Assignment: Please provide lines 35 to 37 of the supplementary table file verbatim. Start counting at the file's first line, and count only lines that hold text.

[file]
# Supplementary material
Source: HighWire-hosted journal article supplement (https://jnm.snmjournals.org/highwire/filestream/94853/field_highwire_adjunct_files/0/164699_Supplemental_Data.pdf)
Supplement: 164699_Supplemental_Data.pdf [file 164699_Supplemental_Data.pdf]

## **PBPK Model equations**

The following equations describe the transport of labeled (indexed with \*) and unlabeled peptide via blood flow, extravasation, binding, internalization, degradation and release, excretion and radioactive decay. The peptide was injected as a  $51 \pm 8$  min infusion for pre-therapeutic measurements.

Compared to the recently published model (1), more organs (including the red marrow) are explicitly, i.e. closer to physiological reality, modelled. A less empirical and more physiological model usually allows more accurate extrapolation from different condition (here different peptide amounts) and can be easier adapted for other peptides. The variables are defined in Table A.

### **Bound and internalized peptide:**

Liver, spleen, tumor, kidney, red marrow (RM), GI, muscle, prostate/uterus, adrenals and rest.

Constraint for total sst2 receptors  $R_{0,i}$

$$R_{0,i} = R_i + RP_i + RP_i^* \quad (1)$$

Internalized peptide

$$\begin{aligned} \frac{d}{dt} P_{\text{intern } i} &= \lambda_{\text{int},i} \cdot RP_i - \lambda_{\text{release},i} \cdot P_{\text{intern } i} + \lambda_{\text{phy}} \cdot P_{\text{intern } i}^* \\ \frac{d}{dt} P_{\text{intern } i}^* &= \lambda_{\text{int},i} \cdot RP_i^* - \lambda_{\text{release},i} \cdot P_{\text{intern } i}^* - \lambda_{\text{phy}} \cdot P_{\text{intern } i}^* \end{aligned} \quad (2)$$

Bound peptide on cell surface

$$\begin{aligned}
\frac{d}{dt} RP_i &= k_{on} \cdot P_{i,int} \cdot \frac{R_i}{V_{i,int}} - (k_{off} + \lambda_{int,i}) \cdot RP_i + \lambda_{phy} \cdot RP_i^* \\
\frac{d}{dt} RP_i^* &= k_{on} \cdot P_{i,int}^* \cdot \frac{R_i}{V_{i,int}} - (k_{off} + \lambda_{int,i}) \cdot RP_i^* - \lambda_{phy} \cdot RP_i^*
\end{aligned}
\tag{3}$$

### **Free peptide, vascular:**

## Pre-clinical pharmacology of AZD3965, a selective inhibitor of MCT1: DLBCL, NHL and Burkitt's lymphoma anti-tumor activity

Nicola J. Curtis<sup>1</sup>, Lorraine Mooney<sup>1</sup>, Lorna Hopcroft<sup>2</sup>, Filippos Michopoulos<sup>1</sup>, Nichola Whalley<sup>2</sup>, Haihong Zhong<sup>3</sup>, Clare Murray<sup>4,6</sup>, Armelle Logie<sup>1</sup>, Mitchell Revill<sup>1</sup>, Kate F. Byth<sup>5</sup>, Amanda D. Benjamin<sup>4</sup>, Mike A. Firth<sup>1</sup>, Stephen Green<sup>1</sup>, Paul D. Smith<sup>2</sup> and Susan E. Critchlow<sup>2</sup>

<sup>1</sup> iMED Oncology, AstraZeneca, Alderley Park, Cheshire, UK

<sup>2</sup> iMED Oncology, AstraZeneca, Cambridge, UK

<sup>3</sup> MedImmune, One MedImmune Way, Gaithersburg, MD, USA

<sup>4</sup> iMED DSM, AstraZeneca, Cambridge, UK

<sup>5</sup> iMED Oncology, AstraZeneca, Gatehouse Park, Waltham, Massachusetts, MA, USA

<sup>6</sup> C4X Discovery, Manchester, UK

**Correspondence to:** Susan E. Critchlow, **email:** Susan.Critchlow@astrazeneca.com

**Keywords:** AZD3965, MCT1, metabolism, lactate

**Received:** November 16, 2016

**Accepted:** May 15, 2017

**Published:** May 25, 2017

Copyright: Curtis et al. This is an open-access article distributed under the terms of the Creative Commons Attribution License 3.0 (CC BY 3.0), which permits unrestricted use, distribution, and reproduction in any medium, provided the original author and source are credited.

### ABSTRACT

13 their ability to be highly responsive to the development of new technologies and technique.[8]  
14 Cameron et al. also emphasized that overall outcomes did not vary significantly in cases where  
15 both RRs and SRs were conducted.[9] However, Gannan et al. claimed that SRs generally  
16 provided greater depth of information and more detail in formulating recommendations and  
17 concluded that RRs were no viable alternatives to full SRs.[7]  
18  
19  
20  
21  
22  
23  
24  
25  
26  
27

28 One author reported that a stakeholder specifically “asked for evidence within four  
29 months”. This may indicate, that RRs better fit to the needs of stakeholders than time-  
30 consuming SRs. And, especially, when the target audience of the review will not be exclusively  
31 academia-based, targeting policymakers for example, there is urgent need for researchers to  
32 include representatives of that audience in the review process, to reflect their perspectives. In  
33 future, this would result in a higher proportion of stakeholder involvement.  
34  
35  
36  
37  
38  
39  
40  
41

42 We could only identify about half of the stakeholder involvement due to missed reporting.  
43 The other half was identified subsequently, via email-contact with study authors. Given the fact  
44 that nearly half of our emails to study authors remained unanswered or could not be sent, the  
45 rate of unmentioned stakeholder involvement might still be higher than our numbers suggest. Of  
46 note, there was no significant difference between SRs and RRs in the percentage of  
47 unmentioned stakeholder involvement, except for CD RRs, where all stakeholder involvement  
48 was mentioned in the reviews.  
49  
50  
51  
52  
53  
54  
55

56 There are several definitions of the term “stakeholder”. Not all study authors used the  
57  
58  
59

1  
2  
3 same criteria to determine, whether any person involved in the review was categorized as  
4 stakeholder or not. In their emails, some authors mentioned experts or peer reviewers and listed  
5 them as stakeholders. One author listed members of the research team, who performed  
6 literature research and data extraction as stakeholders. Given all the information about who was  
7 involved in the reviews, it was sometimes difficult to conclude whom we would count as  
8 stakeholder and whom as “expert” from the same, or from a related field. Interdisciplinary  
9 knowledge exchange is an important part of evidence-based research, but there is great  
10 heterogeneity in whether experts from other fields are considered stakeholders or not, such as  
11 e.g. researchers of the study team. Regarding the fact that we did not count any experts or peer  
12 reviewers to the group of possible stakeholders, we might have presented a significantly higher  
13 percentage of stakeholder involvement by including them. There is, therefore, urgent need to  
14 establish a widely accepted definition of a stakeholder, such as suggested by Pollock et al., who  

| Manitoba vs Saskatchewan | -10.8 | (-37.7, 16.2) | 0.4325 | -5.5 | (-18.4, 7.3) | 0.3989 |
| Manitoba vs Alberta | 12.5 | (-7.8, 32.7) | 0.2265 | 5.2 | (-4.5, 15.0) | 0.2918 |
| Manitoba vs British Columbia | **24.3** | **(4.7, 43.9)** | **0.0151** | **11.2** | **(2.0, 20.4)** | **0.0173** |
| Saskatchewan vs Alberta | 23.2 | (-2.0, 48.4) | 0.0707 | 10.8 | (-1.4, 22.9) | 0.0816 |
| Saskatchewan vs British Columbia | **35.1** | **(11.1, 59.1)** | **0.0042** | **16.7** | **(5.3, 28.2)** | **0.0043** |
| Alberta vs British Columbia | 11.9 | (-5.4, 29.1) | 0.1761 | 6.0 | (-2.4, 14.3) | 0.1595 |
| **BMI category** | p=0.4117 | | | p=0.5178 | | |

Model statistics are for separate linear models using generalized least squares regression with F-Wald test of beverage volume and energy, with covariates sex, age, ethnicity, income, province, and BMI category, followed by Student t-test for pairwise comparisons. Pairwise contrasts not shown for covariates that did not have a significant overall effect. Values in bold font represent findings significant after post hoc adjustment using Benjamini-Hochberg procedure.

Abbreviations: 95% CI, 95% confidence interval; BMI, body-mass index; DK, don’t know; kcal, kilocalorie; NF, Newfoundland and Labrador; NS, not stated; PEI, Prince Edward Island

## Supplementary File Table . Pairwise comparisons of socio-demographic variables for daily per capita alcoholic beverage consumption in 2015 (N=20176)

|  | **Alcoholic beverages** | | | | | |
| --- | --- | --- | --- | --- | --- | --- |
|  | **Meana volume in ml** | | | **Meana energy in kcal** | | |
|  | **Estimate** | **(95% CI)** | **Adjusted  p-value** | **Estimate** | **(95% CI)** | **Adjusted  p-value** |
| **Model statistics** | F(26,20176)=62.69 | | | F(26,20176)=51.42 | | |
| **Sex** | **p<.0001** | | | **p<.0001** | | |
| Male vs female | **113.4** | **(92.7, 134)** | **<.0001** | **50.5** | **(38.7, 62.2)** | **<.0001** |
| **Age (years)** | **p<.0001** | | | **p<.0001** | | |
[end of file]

13 their ability to be highly responsive to the development of new technologies and technique.[8]  
14 Cameron et al. also emphasized that overall outcomes did not vary significantly in cases where  
15 both RRs and SRs were conducted.[9] However, Gannan et al. claimed that SRs generally  